Left unchecked, harmonics generated by electrical equipment can cause overheating, nuisance breaker tripping and a reduction in a system’s true power factor. To compound this, systems are often undersized because harmonics have not been adequately considered, meaning harmonics account for a proportion of the available current capacity on that supply. There is a solution though.
Ultra low harmonic (ULH) drives feature an active front end employing insulated gate bipolar resistor (IGBTs) which convert incoming AC power to DC. With ULH drives, the active front end monitors the waveform of the input current, shaping it to be sinusoidal, before employing LCL filters to combat low frequency (<5kHz) disturbances caused by the constant IGBT switching. Frequencies up to 500kHz are managed by EMC filters, which is of comparable standard to six-pulse variable speed drives (VSDs). In conjunction, this reduces total harmonic distortion (THDi) to under four percent.
In practice, this allows a pump system’s operator to correctly specify an application without needing to over-dimension. Imagine, for example, a plant hiring or fitting a generator to ensure consistent pumping operation during a mains power loss. For plants with softstarters or six-pulse VSDs, a generator will need to be over-dimensioned by 200-300 percent to allow for the high initial current demands but pairing the generator with ULH drives removes the need for over-dimensioning, thus lowering the upfront cost of the equipment significantly.
ULH drives also mean a system can be designed differently, with the emphasis placed on eliminating the harmonics at source. ULH drives negate the need for separate filter banks being installed in any application, for example. This means one less part of the chain to potentially go wrong; essentially, if the drive is running, there is no problem with the filtering.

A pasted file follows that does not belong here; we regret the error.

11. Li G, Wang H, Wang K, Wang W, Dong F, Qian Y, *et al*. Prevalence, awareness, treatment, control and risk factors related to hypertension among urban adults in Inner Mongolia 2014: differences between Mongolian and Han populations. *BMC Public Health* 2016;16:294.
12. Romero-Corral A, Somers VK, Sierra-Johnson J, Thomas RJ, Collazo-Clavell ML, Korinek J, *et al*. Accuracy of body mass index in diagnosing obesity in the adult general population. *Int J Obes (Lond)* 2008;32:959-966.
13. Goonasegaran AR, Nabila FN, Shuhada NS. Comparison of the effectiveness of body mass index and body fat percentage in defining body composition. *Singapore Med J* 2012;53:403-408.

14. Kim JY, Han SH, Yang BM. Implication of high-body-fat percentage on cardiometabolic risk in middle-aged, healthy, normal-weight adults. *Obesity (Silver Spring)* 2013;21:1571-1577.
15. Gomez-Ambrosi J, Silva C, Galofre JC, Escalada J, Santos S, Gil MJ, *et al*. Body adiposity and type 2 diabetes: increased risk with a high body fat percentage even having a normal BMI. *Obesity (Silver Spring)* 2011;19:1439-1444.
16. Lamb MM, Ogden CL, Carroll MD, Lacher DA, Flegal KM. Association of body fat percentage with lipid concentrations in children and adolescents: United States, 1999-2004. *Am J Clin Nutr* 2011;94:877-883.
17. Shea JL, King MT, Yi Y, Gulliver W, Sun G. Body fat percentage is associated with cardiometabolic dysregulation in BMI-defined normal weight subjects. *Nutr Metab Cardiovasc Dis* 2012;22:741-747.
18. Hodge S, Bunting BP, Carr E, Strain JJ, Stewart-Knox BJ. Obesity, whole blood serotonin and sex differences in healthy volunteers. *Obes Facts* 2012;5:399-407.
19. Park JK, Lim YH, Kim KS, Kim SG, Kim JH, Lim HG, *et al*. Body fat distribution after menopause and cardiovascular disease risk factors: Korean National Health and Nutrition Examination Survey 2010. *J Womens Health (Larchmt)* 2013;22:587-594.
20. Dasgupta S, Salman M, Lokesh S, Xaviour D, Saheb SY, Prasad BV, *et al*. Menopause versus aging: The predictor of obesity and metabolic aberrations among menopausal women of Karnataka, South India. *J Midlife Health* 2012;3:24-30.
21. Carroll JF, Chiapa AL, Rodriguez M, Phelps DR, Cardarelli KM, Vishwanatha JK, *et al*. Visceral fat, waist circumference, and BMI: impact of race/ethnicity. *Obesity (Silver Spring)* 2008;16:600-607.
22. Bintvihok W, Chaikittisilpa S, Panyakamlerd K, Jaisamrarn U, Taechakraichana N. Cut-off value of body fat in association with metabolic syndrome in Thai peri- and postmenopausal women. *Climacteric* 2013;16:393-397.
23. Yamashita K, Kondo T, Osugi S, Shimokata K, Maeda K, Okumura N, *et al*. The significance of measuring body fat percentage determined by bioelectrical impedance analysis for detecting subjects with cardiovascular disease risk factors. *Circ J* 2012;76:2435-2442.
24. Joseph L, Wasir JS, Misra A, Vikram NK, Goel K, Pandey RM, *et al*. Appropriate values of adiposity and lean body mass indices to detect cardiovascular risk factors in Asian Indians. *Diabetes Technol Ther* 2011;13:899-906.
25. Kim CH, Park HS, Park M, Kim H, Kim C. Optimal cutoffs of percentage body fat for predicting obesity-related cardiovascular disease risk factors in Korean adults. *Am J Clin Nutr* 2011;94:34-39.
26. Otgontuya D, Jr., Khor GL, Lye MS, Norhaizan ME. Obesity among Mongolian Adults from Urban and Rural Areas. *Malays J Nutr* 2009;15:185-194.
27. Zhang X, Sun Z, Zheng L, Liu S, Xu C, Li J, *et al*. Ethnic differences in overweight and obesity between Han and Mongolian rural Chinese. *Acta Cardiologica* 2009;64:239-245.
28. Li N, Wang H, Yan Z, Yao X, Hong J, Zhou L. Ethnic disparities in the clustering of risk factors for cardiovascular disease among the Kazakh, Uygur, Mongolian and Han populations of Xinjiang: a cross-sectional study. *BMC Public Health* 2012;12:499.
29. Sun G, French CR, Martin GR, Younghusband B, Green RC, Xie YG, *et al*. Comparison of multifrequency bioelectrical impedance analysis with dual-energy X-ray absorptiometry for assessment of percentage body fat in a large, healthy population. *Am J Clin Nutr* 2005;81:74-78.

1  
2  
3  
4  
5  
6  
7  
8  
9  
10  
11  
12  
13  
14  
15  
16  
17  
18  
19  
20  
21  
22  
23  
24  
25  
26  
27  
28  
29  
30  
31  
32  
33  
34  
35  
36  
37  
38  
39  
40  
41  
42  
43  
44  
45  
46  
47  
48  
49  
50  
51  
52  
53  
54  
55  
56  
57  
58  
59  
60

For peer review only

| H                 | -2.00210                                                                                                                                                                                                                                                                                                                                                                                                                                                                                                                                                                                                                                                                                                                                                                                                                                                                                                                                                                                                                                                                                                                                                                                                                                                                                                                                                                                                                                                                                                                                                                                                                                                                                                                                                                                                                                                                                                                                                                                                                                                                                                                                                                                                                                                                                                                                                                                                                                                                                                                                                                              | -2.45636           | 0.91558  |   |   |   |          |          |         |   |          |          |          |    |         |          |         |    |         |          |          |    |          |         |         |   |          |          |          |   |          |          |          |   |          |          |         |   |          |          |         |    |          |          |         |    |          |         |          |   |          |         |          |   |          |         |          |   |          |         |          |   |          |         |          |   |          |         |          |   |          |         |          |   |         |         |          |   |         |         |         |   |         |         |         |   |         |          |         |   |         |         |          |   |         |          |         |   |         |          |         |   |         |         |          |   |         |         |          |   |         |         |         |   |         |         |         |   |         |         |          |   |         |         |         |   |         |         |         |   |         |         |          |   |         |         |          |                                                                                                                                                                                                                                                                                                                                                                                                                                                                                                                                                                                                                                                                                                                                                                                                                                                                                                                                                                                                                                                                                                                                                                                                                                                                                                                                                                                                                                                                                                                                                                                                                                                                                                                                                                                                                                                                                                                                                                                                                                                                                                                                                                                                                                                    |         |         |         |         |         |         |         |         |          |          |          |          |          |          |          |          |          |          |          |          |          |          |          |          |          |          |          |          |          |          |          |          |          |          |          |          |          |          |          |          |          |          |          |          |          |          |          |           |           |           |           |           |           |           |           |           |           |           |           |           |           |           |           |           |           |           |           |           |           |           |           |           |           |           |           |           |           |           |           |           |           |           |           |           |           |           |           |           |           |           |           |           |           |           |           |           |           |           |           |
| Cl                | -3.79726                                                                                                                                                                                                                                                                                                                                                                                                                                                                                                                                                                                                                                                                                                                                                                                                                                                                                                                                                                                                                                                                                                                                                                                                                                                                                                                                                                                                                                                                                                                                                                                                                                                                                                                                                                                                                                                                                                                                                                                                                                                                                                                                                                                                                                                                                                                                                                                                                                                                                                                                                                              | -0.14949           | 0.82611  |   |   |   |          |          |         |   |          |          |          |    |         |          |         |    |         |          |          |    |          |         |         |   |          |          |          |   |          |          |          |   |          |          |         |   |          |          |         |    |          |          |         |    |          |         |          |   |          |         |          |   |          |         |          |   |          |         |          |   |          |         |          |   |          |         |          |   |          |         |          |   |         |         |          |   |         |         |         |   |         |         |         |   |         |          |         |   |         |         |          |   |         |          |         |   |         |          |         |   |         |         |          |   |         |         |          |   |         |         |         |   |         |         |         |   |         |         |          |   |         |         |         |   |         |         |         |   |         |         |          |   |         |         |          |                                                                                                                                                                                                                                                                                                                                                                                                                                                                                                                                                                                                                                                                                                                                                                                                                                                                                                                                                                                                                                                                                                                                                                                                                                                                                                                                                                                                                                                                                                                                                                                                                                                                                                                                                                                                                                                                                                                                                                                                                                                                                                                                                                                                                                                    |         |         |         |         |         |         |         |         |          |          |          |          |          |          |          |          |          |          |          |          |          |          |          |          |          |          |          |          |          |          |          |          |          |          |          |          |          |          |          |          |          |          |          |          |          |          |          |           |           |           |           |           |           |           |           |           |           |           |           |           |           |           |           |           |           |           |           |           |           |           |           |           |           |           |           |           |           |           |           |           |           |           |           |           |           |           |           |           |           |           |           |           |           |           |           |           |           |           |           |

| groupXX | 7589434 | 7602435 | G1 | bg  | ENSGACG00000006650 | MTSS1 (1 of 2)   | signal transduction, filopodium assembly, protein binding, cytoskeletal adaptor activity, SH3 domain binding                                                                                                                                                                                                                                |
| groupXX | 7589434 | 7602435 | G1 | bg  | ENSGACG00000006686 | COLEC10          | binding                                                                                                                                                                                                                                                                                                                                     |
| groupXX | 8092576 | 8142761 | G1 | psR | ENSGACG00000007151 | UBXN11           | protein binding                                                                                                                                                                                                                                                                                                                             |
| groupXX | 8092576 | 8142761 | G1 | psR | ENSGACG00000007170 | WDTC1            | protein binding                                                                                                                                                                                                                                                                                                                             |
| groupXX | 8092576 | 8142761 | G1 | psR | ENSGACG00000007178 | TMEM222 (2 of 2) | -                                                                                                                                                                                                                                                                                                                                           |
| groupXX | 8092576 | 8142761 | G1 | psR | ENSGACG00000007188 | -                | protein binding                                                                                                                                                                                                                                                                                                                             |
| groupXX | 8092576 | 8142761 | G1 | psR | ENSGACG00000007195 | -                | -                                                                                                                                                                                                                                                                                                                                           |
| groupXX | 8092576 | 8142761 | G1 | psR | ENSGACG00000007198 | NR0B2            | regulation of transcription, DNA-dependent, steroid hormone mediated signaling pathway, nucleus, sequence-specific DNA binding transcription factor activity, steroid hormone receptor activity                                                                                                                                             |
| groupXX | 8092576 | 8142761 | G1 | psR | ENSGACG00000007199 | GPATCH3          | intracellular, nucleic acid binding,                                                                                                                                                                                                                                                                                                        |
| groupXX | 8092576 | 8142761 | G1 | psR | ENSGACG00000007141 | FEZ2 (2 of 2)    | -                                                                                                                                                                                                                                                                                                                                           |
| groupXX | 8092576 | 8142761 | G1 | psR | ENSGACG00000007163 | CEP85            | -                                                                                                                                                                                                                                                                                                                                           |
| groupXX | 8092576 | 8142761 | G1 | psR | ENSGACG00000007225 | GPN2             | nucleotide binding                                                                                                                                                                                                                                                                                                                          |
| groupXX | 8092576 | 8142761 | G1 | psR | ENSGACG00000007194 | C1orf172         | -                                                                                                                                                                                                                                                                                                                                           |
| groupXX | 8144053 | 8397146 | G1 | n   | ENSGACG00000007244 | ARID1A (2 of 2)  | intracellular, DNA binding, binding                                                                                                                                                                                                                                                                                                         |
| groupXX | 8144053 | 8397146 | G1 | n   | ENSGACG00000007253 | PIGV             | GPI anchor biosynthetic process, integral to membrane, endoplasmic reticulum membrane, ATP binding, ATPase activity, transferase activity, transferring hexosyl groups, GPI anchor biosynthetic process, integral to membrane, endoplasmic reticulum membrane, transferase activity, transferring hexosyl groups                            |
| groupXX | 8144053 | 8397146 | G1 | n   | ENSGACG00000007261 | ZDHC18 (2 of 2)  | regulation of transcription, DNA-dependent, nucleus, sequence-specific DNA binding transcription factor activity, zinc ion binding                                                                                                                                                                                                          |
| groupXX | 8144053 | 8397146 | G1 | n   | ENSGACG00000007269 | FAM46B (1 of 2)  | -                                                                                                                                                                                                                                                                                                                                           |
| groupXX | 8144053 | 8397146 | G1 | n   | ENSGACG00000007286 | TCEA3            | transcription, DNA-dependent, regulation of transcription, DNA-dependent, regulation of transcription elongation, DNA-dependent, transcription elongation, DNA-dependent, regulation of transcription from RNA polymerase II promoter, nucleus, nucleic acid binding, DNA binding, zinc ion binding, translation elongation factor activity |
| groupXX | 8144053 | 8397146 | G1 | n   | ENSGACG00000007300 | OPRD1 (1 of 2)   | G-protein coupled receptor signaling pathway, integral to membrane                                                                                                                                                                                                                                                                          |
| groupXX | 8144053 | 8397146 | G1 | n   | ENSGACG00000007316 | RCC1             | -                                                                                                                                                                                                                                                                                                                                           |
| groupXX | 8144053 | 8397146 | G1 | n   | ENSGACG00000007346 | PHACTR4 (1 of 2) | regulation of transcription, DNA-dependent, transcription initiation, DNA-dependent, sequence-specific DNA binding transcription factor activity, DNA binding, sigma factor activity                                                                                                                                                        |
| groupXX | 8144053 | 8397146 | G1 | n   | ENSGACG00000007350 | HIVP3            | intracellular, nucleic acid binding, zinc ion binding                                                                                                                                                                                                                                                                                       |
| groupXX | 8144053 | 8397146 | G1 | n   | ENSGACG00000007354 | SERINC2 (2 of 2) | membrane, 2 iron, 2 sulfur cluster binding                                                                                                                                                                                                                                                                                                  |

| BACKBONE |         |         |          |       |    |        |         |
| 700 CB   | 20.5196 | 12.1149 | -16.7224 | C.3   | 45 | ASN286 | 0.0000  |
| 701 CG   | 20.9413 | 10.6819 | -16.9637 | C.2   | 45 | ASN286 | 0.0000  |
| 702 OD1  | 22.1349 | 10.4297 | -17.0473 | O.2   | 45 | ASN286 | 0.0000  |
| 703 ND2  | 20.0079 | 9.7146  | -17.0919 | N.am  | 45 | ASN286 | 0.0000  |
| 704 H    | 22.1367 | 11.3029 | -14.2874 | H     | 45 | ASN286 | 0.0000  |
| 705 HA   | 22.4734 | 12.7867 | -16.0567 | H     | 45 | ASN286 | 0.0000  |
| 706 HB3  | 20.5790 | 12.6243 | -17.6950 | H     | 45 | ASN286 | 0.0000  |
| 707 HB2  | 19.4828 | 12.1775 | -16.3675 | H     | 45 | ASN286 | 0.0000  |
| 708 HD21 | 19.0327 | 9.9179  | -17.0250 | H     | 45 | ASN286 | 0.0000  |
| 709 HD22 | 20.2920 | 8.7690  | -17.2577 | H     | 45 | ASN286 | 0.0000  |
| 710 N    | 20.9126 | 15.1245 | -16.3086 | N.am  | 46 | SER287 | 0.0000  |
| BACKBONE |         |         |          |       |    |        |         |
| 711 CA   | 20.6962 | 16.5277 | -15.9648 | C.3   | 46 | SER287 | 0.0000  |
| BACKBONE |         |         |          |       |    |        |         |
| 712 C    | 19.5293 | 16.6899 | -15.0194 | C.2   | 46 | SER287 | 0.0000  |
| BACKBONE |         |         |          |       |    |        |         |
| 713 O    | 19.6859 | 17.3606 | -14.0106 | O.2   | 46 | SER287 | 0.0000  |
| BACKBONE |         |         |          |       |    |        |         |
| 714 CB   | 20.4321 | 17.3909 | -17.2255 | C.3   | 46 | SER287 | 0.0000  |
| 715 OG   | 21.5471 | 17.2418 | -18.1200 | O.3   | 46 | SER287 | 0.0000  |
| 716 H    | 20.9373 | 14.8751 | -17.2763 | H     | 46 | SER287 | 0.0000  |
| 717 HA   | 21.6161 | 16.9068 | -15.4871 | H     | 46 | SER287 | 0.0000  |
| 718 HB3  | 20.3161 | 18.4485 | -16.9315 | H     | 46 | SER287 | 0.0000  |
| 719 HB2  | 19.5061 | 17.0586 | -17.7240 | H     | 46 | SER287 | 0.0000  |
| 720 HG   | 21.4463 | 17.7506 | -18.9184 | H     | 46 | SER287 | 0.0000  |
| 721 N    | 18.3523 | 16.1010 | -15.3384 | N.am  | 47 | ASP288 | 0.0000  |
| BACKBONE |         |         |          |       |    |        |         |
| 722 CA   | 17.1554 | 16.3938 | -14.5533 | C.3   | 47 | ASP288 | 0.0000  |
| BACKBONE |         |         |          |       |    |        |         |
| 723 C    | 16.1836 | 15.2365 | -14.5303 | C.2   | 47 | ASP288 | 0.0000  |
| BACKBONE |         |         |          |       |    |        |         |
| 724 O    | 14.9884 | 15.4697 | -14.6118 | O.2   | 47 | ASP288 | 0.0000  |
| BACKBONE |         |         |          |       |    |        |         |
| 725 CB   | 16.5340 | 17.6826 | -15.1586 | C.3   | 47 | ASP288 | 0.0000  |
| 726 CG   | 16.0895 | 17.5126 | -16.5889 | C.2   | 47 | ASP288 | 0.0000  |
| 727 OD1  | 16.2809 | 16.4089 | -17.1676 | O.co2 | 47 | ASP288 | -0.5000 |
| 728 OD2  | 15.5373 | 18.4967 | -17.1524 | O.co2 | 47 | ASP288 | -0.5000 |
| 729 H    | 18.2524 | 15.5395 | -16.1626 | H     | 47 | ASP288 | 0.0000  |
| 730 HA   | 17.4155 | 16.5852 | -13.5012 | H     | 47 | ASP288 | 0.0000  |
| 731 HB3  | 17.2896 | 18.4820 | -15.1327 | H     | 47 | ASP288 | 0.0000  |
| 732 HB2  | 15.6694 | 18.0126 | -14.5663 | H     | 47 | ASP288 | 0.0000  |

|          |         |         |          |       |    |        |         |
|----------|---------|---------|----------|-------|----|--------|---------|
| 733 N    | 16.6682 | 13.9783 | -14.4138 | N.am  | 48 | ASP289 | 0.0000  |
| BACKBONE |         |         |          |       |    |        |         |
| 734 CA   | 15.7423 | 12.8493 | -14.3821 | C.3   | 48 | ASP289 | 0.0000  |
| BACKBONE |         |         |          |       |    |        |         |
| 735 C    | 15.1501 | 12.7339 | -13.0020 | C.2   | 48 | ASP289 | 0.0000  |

Efficiency is the big winner with ULH drives, with the potential to reduce carbon emissions and energy bills considerably. They also offer significant benefits to the inherent resilience of the systems in which they’re installed. Applications using ULH drives offer full redundancy compared with applications using a regular filter system, where failure can lead to operational issues, resulting in a site being unable to operate at full capacity.
There are claims that low harmonic drives produce significant higher order harmonics (i.e. above the 50th harmonic). However, with the filters integrated within the drive, this issue is mitigated such that levels are comparable with a standard six-pulse VSD. Indeed, tests have shown that modern regenerative drives conform with all applicable standards, and applications using this technology actually offer superior overall harmonic mitigation and improved resilience compared to other solutions. Harmonics are often blamed for interference at a site when there are usually other factors at play, like poor earthing practices at the installation stage. It’s also important too that harmonics are not confused with RFI and other disturbances like common mode voltages.
Concerns over efficiency regarding low harmonic drives, when compared to standard diode-rectified drives, can be allayed by viewing the bigger picture rather than single components. The technology behind low harmonic drives aids in reducing power losses from the transformer and to the motor, offering potentially higher overall system efficiency and helping reduce the carbon footprint of an application while delivering a simpler and easier installation and engineering process.
As with any system, however, it’s vital to understand the bigger picture and not the single pieces alone. Drives are, after all, a single component. Yet for water industry applications where maintenance, running costs and space are an issue, low harmonic drives offer a practical, reliable alternative to traditional technologies and means harmonics won’t disrupt the overall harmony of your application.
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